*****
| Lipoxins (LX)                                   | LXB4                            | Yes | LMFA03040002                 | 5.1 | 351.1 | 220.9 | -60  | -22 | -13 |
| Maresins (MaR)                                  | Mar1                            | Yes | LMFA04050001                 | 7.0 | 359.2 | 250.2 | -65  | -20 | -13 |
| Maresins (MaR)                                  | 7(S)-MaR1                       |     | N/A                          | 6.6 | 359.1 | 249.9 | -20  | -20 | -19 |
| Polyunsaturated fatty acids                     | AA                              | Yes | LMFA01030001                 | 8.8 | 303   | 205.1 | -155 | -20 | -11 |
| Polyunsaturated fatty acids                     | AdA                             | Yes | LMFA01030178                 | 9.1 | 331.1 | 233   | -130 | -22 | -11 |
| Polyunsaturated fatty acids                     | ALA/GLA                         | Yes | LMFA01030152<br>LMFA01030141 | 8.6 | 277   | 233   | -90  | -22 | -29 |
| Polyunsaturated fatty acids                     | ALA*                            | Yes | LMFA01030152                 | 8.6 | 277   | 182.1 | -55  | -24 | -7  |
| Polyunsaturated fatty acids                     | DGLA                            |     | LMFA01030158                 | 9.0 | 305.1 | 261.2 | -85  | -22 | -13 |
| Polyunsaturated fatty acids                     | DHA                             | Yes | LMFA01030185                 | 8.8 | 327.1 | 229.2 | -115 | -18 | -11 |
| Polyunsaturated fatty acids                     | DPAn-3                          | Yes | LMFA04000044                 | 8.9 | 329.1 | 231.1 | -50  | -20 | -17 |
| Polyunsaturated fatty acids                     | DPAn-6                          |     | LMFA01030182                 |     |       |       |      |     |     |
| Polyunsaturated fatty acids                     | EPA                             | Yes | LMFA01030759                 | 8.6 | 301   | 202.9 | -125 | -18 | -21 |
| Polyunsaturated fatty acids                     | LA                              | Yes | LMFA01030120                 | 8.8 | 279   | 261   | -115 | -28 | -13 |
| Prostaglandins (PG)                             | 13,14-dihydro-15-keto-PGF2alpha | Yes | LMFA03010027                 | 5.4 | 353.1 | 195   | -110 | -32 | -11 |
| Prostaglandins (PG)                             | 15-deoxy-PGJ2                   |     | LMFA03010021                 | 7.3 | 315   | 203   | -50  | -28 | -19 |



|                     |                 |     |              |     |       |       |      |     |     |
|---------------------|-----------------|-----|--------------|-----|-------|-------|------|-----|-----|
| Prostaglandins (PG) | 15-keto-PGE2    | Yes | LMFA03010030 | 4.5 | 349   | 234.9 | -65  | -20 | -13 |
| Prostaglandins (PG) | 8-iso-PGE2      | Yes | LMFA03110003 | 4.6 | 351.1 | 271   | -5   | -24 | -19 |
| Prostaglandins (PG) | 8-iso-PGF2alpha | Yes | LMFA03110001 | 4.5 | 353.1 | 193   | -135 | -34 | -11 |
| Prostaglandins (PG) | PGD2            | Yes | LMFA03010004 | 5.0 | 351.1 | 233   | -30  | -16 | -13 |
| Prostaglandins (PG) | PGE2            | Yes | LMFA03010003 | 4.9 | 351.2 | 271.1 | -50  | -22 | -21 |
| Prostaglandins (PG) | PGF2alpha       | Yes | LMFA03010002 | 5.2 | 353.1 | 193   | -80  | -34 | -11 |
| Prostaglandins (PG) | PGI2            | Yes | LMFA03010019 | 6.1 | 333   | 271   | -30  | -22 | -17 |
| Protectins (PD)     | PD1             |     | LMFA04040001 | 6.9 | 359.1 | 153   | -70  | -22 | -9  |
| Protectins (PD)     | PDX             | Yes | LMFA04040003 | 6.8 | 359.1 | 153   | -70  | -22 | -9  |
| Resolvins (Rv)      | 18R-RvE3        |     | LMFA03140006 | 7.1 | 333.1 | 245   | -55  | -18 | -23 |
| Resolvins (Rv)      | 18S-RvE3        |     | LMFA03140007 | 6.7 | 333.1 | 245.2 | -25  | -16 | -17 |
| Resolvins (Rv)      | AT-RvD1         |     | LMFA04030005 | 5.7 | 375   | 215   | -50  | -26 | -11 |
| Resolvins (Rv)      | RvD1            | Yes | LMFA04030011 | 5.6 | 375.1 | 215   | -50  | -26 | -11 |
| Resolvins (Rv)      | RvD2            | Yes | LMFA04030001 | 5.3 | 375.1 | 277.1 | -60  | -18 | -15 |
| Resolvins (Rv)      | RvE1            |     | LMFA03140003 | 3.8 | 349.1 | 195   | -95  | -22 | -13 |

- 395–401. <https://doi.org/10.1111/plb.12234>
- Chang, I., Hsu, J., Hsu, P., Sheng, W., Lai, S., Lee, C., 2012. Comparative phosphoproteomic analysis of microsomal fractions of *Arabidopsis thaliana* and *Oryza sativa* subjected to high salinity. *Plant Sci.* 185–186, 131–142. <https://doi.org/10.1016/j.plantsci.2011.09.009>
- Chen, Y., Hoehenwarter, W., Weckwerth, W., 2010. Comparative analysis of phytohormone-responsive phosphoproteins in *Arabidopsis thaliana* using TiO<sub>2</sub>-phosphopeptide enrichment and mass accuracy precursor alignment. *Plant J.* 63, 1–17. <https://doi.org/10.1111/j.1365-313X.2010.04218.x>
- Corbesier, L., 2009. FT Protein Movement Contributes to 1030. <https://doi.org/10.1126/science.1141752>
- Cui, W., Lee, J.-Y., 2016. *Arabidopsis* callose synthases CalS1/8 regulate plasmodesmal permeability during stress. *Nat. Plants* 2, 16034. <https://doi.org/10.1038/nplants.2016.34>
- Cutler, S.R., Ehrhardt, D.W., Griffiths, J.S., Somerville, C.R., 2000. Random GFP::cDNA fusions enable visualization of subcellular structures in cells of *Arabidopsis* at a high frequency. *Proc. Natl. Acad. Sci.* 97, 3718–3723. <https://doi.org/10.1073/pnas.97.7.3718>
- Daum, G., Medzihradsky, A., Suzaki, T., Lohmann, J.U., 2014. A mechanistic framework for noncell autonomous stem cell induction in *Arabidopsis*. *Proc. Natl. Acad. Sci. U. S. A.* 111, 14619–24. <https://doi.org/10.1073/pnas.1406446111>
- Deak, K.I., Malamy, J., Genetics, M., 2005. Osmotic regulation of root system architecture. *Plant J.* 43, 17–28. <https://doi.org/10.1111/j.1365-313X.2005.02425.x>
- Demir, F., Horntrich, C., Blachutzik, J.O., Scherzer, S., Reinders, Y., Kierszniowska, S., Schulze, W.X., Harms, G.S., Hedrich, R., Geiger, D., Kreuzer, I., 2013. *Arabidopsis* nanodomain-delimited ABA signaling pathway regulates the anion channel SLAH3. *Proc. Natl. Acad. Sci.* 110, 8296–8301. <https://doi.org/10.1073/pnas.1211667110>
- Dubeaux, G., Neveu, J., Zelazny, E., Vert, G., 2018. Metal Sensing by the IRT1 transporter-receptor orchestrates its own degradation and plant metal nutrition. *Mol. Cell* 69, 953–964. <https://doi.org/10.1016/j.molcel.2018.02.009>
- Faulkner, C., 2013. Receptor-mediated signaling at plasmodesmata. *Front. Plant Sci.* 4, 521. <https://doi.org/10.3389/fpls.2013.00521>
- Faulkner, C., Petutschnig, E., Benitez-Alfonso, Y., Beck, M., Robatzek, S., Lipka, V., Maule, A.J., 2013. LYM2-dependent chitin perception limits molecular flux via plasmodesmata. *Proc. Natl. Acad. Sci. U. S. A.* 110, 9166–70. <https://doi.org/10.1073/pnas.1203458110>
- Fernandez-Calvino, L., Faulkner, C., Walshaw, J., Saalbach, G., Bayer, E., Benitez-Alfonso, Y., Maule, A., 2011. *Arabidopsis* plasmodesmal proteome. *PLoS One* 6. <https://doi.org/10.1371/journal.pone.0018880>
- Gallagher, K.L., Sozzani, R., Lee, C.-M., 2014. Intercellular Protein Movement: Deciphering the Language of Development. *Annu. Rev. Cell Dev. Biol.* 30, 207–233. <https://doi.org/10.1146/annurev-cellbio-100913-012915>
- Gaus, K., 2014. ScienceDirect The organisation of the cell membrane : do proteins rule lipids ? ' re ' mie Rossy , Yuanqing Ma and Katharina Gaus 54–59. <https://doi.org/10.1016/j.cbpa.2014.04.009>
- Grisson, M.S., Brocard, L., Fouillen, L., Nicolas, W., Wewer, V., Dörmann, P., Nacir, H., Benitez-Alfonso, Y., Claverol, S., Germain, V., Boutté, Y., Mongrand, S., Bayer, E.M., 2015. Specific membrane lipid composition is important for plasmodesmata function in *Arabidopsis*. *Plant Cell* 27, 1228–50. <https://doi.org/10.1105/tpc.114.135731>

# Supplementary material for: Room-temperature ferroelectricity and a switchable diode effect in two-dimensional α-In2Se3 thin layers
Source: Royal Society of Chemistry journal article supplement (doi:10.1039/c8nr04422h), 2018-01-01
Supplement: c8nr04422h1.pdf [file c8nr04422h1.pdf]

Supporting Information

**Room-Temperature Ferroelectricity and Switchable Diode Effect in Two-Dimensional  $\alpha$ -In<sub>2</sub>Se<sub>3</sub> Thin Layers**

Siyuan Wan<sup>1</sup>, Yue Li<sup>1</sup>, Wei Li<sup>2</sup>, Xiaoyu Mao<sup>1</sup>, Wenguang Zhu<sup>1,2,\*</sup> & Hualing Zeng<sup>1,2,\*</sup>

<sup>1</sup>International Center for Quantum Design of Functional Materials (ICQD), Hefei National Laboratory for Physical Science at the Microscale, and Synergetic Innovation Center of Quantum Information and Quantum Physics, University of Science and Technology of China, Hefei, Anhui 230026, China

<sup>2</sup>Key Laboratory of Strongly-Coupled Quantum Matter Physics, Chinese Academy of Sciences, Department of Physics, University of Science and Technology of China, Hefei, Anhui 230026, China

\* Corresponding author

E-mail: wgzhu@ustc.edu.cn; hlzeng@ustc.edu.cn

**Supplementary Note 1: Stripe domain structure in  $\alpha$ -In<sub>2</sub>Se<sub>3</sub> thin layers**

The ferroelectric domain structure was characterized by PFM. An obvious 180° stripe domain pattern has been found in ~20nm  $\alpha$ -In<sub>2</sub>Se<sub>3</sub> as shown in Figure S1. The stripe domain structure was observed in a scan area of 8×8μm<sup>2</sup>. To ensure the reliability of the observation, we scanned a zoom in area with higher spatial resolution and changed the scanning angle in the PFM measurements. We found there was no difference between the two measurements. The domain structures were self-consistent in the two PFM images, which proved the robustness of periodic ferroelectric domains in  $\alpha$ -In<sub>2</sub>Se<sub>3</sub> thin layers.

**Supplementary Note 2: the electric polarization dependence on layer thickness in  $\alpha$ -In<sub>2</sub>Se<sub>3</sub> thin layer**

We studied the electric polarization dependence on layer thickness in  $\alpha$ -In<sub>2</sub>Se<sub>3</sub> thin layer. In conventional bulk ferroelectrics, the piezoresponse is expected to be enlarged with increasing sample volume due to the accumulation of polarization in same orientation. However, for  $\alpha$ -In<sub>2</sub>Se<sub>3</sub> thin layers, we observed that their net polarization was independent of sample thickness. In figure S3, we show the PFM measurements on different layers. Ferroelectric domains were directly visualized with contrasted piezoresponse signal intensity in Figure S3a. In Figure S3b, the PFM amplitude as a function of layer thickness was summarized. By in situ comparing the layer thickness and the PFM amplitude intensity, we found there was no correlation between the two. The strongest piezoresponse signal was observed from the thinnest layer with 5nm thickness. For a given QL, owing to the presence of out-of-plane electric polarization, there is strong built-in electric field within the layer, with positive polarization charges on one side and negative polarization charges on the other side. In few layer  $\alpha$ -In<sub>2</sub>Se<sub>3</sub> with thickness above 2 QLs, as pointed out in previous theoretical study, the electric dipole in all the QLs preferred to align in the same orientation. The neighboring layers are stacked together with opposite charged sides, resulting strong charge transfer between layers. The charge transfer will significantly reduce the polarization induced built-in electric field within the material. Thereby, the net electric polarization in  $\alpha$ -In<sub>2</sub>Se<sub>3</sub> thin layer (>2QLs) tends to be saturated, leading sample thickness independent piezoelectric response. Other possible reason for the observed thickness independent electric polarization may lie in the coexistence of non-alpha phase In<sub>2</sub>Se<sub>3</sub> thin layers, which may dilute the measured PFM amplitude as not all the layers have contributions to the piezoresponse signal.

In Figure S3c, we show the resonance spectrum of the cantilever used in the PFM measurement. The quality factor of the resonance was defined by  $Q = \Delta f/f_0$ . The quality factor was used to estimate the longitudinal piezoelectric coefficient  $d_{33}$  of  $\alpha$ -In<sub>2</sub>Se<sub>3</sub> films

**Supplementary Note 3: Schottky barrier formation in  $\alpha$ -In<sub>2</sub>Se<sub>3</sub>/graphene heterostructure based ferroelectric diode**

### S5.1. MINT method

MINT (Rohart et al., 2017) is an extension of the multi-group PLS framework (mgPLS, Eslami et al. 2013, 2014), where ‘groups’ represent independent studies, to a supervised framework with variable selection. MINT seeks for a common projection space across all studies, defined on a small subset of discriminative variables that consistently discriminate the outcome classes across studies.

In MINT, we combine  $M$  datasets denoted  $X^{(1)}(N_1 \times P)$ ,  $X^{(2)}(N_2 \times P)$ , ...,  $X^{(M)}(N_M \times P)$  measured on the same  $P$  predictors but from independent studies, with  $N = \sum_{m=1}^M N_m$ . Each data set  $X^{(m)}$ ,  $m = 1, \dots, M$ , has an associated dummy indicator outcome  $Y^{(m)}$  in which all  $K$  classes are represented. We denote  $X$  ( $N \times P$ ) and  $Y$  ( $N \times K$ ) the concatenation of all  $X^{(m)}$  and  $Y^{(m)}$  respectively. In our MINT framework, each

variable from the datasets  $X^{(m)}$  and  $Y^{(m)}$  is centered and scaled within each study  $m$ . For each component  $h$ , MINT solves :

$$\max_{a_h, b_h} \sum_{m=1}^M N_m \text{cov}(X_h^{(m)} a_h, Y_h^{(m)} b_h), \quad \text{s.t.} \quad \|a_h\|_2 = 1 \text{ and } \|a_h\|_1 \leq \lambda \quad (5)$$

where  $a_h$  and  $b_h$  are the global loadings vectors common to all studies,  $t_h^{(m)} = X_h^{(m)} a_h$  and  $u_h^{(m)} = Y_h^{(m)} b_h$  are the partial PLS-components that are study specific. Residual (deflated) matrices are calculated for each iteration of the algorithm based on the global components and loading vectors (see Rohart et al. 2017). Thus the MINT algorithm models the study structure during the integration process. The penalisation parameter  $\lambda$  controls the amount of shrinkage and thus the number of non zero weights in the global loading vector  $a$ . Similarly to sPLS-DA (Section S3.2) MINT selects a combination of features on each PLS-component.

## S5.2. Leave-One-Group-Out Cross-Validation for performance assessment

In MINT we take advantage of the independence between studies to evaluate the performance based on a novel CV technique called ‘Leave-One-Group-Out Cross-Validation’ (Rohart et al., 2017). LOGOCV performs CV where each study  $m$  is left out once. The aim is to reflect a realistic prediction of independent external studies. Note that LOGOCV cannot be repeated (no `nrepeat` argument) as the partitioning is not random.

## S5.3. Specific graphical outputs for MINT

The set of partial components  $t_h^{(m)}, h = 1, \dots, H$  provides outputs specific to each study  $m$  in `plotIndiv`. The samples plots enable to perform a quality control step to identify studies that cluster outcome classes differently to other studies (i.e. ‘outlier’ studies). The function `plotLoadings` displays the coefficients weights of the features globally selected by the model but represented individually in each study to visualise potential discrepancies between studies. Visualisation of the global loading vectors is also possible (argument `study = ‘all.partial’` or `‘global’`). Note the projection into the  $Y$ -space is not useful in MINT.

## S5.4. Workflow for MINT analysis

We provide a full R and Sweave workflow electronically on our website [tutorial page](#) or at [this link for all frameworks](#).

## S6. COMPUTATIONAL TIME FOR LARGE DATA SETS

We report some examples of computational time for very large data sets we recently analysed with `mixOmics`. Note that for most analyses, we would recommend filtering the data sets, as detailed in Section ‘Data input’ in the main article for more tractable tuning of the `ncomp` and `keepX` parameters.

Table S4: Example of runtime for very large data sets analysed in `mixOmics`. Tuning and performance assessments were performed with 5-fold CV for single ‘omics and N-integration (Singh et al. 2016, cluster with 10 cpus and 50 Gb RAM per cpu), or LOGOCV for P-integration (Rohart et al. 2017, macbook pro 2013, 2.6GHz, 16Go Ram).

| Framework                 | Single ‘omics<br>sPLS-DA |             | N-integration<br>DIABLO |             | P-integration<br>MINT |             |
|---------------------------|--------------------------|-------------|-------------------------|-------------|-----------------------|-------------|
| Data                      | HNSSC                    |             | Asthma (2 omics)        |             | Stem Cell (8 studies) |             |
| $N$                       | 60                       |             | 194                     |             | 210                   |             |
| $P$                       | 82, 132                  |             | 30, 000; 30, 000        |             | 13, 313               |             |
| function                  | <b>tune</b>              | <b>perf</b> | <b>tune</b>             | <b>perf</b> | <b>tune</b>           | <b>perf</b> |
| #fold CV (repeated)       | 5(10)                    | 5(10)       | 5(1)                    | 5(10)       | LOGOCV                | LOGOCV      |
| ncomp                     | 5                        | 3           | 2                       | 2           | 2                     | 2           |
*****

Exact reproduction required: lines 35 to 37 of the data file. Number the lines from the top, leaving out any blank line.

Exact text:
- Chen, Y., Hoehenwarter, W., Weckwerth, W., 2010. Comparative analysis of phytohormone-responsive phosphoproteins in *Arabidopsis thaliana* using TiO<sub>2</sub>-phosphopeptide enrichment and mass accuracy precursor alignment. *Plant J.* 63, 1–17. <https://doi.org/10.1111/j.1365-313X.2010.04218.x>
- Corbesier, L., 2009. FT Protein Movement Contributes to 1030. <https://doi.org/10.1126/science.1141752>
- Cui, W., Lee, J.-Y., 2016. *Arabidopsis* callose synthases CalS1/8 regulate plasmodesmal permeability during stress. *Nat. Plants* 2, 16034. <https://doi.org/10.1038/nplants.2016.34>